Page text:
The resilience of construction materials retailers at a time when consumer spending is waning and SA’s economy stagnates continues to puzzle market watchers.
SA’s largest hardware retailer Cashbuild is adding to the amazement, given its propensity to shine in unfavourable economic conditions.
As Sasfin Securities senior equity analyst Alec Abraham puts it: “If you look at the fiasco of SA, you cannot match the performance of the economy to the performance of hardware retailers. And Cashbuild’s performance flies in the face of macroeconomic drivers of retail”.
In a second quarter operational update, Cashbuild’s revenue was up by 15%, buoyed by the retailer’s store roll outs.
Cashbuild, which supplies building materials to cash paying customers, saw sales increase by 4% for the period. Cashbuild says its total units sold increased by 16%, with existing stores increasing by 13%. Its product inflation was 2% at the end of December 2015.
The retailer’s gross profit margins remained at similar levels to those reported for the first half of the prior year, at around 20%.
Cashbuild’s clout has been widely attributed to changes in leadership. Since the appointment of Werner de Jager as CEO in 2011 to replace Patrick Goldrick, big changes have followed, says Abraham. Some of those changes include sprucing up the retailer’s IT systems to better manage pricing points, promotions and merchandise.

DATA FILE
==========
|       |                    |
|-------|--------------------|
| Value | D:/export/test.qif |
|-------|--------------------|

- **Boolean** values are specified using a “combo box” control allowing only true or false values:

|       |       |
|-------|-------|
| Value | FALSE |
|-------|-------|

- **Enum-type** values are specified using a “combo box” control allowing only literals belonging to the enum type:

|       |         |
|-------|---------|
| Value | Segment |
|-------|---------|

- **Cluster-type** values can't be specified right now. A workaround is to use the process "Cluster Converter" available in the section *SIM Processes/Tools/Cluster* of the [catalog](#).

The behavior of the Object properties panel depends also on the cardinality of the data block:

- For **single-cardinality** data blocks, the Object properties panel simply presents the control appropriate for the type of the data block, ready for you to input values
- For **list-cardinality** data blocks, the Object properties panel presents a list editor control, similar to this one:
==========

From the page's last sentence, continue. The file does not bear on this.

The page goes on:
Perhaps a notable change with De Jager at the helm is that retailer is concluding more acquisitions, its most recent being a small family hardware business P & L Hardware in August for R350 million. “Patrick would never make acquisitions and Werner has changed that. But Patrick was a good operator,” says Abraham.
Also, its aggressive store expansion has seemingly paid off, as it continues to grow market share to attract contractors and consumers in the do-it-yourself segment.
Stores opened by the retailer since July 1 2014 equate to 15. The retailer now operates 228 stores of which 200 are in SA. Cashbuild operates 28 stores across Botswana, Lesotho, Namibia, Swaziland and Malawi. Abraham says Cashbuild’s profit margins are supportive of further store expansions.
Although the market continues to see consumers scale back on purchasing new homes, there are signs of green shoots in the home improvement market. The levels of residential building activity are improving since the 2007/8 global financial crisis.
Absa Home Loans property analyst Jacques du Toit says levels of residential building activity improved in the first eight months of 2015 compared with a year ago, but growth remained well in the single digits.
The number of new housing units for which building plans were approved was up by 6.8% year-on-year to more than 41 000 units in the period January to August, latest figures from Absa Home Loans show. The improvement in residential building activity is likely to benefit Cashbuild and its competitors Italtile and Massmart’s Massbuild division which operates Builders Warehouse. These counters have in recent years built scale through the acquisition of independent hardware retailers, paving the way for a fragmented sector.
The FNB/BER Building Confidence Index regained some ground, rising by 4 points to 48 in the fourth quarter of 2015 – still below the 50 points level, but indicative of the sector’s regained momentum.
Cashbuild’s operational update sent its stock up by 5.04% to R281.94 at 15:30 on Tuesday. At a forward PE ratio of 13.5, Abraham says Cashbuild is attractive. Cashbuild’s stock has been the best performer in 2015 among the hardware retailers, notching up a share price appreciation of 59.3%. Italtile’s share price rose by 17.17% and Massmart’s fell by 41.77% for the year.